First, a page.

As of early December, 15 ETF providers published capital gains estimates for the year, including BlackRock’s iShares, Vanguard, State Street Global Advisors, Invesco or formerly PowerShares, Charles Schwab, First Trust, WisdomTree, VanEck, PIMCO, DWS or formerly Deutsche Asset Management, Fidelity, Goldman Sachs, Global X and OppenheimerFunds.

These 15 fund sponsors represented 1,290 ETFs and $3.4 trillion in assets under management. Of the ETFs in question, 74 or only 5.7% of the total are expected to distribute capital gains for 2018. Furthermore, the percentage of ETFs distributing capital gains is lower than the estimated distribution in both 2017 of 7.7% and 2016 of 7.0%. Only 14 of the 1,290 ETFs this year is expected to show capital gains distributions of over 2% of the fund’s NAV as of the end of November.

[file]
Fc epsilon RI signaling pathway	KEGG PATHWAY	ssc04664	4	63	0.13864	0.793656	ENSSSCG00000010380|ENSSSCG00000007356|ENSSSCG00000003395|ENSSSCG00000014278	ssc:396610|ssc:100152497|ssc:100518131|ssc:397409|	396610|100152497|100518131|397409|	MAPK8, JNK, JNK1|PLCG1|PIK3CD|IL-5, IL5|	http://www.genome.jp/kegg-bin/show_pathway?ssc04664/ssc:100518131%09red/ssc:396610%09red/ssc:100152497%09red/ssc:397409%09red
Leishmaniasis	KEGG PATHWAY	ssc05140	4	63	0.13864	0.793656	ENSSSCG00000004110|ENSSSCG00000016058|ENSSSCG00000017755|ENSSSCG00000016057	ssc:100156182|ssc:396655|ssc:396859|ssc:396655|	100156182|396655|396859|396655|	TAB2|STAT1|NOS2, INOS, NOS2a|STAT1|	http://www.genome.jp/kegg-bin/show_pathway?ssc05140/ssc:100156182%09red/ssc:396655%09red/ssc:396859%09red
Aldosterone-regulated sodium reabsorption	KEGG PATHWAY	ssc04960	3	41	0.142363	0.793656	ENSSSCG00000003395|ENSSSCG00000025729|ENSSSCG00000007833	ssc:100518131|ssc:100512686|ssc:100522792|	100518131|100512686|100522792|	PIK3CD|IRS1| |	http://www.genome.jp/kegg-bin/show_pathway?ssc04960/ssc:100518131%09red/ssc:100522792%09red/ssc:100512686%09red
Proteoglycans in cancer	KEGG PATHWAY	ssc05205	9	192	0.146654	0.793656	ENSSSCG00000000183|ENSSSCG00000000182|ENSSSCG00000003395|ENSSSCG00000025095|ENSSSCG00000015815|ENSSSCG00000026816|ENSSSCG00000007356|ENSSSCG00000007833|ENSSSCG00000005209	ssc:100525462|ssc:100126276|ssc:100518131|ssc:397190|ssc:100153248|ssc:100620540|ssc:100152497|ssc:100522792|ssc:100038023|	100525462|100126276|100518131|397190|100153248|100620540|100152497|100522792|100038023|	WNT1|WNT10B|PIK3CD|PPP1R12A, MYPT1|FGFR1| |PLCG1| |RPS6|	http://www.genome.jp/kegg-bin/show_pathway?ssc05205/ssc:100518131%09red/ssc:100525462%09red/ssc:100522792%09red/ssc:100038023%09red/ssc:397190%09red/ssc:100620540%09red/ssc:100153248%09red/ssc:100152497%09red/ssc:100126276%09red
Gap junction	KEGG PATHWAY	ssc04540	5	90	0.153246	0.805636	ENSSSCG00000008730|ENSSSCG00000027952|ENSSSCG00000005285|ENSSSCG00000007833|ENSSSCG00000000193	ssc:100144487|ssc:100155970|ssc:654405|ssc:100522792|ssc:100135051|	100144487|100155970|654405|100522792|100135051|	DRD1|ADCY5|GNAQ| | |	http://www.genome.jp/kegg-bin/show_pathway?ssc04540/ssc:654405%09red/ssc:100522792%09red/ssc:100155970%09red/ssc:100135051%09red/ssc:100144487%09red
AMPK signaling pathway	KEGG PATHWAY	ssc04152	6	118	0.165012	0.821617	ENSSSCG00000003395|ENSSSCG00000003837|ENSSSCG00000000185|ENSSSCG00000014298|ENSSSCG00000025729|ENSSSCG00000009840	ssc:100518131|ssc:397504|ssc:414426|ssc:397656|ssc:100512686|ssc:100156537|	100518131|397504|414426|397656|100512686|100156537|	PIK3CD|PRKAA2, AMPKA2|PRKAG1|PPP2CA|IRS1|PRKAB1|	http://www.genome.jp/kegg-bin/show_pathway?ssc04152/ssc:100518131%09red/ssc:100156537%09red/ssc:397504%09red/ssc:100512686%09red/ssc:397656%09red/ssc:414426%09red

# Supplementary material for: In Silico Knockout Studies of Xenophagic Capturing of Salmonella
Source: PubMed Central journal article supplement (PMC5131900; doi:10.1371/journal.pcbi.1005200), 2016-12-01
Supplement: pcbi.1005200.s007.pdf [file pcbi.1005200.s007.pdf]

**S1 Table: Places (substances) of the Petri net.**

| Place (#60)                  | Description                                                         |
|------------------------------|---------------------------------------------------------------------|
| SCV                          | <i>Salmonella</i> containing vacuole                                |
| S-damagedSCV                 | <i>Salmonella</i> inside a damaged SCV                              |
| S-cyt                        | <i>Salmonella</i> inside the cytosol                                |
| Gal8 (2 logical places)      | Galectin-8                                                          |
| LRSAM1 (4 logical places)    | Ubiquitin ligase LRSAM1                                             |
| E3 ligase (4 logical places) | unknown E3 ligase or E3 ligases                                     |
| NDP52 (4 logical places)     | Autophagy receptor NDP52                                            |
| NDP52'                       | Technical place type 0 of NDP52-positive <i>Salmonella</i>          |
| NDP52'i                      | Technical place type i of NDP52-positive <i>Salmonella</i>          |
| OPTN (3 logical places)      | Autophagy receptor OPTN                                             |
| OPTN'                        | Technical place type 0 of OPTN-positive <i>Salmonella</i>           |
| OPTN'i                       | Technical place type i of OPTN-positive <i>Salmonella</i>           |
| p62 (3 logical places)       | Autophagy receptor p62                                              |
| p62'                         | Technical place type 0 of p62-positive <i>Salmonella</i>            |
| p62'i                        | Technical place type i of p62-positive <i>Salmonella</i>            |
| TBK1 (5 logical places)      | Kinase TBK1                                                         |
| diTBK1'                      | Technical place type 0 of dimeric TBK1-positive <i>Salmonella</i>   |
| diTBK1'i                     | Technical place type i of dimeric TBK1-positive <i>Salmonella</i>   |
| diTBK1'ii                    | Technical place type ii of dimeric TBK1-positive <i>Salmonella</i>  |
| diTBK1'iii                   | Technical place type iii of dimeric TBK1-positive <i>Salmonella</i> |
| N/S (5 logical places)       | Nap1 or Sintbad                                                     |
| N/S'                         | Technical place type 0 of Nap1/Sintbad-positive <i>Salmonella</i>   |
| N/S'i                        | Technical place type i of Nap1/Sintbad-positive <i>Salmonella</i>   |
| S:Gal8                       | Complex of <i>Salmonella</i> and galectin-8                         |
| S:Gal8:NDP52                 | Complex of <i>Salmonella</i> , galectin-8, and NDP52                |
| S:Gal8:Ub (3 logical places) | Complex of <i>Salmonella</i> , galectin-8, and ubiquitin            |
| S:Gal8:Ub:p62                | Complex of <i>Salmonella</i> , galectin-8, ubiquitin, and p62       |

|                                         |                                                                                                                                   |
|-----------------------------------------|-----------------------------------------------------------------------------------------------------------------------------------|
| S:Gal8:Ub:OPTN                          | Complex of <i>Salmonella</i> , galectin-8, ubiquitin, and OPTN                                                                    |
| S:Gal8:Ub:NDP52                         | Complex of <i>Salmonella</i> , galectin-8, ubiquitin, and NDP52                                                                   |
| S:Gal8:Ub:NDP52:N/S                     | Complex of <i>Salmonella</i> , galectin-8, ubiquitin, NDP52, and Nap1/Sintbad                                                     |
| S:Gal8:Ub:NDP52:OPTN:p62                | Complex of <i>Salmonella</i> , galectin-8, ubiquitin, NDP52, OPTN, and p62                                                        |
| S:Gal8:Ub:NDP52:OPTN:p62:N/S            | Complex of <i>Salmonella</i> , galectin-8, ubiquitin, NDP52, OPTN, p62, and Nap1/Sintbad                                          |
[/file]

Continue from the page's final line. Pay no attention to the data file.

ETFs are not immune to capital gains distributions. Some fund strategies typically exhibit a greater likelihood of capital gains distributions. For example, currency-hedged strategies have a higher proportion of funds that distribute capital gains due to the underlying currency swaps. There are several defining characteristics that make some ETFs more prone to issue capital gains. Specifically, ETFs that use derivatives that periodically reset are susceptible to capital gains distributions, which usually includes currency-hedged strategies. Additionally, bond funds can also be more susceptible as funds must sell bonds upon maturity, which can result in a gain.

“Most ETFs, especially those that track broadly diversified, market-cap-weighted indexes, are very tax-efficient. Exchange-traded funds that move beyond the area of plain-vanilla may be more susceptible to capital gains distributions. Tax-conscious investors would do well to understand the tax implications of more complex ETF strategies, and scrutinize the tax record of these strategies before investing,” McCullough said.

For more information on ETFs, visit our ETF 101 category.